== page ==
The Fathers – Bob Selcrosse

There is a culture where, when the men know it’s time to die, climb trees.
They hope, upon death, to drop from the tree and explode on the ground.
The higher they fall the further spreads their progeny.

The job in boyhood is to identify your father.
Sons of honorable fathers must identify their fathers by their
teeth.

There are the unfortunate few, however. Their father survives.
The father lands a cripple, a man broken on the ground.
And the son must drag his father. Home again, eventually they
die shamefully as failures.

The hardiest of fathers do not take failure for an answer. They,
broken legged, even broken armed, crawl back and climb and
jump. They will crawl and climb and jump, as many times as it
will take. These fathers are truly admired.

It is not for the son to drag his father. Save him the shame.
Beat your father. Scream at your father.
Do what it takes to get him back up that tree.

Dishonest children plead with their fathers at the bottoms of
trees.

Deformed children, beg their fathers to climb.
Beggars, claim shamefully their fathers are somewhere still alive.

Suicide is not permitted. This is the death of a son before a
father. This is the eradication of the family line.
No son may kill himself while his father is breathing.
Fathers will chase their sons through the woods with spears.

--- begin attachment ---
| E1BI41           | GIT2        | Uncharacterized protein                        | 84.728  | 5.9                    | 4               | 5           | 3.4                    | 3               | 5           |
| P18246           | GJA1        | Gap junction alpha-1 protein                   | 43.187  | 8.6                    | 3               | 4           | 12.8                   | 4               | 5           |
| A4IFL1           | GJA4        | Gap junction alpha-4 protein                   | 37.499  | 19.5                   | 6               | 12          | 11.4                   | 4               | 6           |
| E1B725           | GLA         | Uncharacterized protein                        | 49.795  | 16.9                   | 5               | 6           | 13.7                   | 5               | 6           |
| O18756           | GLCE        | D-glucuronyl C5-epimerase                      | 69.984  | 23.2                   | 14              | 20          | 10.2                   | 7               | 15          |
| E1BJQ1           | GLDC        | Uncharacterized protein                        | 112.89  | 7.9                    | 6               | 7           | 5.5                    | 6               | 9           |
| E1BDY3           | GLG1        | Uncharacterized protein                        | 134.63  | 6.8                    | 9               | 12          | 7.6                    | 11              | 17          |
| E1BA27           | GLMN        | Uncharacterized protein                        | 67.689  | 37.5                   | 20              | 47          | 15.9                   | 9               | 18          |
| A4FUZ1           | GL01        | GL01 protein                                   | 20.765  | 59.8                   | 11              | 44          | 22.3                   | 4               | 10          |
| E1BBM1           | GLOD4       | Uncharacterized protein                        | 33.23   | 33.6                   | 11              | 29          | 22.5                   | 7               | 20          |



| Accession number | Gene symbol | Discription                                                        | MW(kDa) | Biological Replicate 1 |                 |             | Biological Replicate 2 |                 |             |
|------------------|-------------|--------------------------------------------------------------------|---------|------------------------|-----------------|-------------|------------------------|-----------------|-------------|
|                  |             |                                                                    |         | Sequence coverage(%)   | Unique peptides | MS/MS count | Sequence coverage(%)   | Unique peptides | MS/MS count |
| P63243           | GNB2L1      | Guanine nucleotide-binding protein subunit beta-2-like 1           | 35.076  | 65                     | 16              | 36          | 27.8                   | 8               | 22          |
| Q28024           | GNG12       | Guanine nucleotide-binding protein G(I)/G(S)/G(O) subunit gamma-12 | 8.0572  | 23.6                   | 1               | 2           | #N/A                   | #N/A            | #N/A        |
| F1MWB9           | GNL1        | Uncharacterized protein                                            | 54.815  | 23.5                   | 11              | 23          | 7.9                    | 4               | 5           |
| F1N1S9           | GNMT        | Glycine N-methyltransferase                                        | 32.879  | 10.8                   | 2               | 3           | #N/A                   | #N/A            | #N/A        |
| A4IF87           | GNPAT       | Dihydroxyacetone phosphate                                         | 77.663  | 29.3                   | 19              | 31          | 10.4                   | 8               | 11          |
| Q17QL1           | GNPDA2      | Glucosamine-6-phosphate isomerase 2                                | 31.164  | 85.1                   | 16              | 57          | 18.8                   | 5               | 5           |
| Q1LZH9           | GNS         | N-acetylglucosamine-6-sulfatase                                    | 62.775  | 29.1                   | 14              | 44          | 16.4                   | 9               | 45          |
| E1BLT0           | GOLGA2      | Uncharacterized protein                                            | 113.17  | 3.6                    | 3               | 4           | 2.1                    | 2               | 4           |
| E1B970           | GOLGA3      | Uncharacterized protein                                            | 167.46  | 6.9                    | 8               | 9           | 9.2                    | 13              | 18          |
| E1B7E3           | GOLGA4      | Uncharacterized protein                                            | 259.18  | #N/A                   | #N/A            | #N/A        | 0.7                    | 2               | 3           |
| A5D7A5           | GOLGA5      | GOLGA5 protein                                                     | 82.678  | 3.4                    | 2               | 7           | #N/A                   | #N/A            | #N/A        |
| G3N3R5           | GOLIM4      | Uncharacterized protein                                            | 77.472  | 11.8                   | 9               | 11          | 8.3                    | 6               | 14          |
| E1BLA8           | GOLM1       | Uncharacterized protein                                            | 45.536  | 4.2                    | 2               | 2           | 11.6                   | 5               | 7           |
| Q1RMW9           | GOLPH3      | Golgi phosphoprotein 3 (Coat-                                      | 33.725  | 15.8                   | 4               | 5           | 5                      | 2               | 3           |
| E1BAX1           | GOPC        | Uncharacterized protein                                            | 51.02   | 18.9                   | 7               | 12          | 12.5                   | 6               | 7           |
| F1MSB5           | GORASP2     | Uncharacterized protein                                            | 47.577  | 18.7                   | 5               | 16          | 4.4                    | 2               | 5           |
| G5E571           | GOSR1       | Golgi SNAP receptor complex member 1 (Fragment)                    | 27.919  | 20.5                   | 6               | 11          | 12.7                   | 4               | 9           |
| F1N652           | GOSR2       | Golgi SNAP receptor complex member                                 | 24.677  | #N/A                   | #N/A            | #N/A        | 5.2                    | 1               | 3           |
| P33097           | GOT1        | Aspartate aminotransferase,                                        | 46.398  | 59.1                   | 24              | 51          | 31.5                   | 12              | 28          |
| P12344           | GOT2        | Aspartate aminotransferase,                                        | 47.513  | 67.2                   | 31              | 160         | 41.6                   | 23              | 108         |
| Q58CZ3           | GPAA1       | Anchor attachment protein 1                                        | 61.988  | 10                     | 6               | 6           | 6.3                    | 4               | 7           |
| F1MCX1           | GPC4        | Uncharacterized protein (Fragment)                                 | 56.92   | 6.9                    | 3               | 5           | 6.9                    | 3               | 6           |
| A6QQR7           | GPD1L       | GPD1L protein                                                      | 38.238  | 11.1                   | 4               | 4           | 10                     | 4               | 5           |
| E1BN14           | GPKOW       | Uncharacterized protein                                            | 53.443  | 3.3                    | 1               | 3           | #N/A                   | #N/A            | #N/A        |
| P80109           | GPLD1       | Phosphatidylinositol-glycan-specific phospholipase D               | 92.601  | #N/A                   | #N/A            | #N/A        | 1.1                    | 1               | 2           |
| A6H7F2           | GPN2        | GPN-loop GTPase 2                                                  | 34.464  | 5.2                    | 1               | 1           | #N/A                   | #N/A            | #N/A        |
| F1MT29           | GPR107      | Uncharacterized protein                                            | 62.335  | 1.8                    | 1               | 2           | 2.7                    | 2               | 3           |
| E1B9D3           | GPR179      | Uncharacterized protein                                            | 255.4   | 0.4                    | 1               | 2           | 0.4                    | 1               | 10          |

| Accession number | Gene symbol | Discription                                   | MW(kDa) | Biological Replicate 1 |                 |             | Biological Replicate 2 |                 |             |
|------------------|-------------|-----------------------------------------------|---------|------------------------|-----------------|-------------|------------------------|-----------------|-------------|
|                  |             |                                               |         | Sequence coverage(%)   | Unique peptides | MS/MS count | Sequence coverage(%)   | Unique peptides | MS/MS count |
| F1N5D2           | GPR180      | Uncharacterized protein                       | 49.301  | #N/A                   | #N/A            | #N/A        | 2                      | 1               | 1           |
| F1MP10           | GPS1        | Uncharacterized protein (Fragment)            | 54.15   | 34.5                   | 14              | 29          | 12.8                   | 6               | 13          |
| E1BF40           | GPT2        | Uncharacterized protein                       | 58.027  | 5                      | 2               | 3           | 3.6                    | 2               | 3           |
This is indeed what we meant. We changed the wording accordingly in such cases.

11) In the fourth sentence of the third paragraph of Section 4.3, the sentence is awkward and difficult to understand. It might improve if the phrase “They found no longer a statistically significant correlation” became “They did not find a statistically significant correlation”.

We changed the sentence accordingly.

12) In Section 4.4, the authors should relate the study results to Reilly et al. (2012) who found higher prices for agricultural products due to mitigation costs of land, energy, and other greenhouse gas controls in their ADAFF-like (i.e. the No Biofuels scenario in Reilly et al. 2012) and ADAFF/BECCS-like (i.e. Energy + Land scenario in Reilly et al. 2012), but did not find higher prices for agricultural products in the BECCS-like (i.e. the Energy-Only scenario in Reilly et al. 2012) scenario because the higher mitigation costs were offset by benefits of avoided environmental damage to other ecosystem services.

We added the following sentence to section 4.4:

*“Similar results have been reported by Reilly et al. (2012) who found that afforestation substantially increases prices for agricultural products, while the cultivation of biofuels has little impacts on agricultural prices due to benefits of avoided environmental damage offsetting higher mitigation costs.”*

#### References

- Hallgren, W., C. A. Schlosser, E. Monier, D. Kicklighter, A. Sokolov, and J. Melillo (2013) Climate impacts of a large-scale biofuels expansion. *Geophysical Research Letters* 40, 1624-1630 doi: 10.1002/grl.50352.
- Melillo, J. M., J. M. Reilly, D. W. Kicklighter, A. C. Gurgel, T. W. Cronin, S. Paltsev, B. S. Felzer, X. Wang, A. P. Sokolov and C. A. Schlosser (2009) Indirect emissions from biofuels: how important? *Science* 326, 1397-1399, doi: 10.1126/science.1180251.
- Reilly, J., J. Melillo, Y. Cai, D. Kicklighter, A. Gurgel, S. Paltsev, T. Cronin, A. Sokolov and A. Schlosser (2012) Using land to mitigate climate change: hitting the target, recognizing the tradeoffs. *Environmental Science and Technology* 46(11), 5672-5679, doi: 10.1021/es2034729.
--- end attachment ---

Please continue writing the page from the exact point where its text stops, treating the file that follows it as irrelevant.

A father may wound the son and incapacitate him. Then, as if it were a race, he may outpace his son, scale the tree, and jump.

Distrustful children camp with a view of the tree in which their father is hiding.
Some fathers bring supplies.
Sons keep an eye through binoculars and hurl feminizing curses at their fathers.
These wily fathers are caught plucking nuts, eating birds, and sticking their tongues out in the rain.

The sons of heroes walk their fathers.
They discourse upon mothers on their way to a tree.

There is a son who made a cloak to give his father on this day.
He wove it every night. A proper shroud of every color.
But then asked his father, Don’t go.
No! Of course he must. It was his time.
He made his father eat a special dinner.
And let his father drink his favorite wine.
The father wore the cloak and climbed the tree.
His son held his foot and helped him reach a higher branch.

Upon three days, his father withered.
The highest tree in all the woods.
Upon the ground, he was unrecognizable.
Blessed by the gods.
The son built a grave above his father.
Around the grave he built a hut.
Upon the hut he thatched a roof.
Below the roof he heard the fathers.

They broke around him day and night.
They broke onto his roof or fell around it.
They broke from trees out in the distance.
They broke through many branches.

They climb the trees and die in leaves!
No son should build a hut.
Except for this brave father.
For he had jumped higher than anyone.




Bob Selcrosse grew up with his mother, selling books, in the Pacific Northwest. He is now working on a book about a book. It is based in the Pacific Northwest. The book is The Cabinet of Children.

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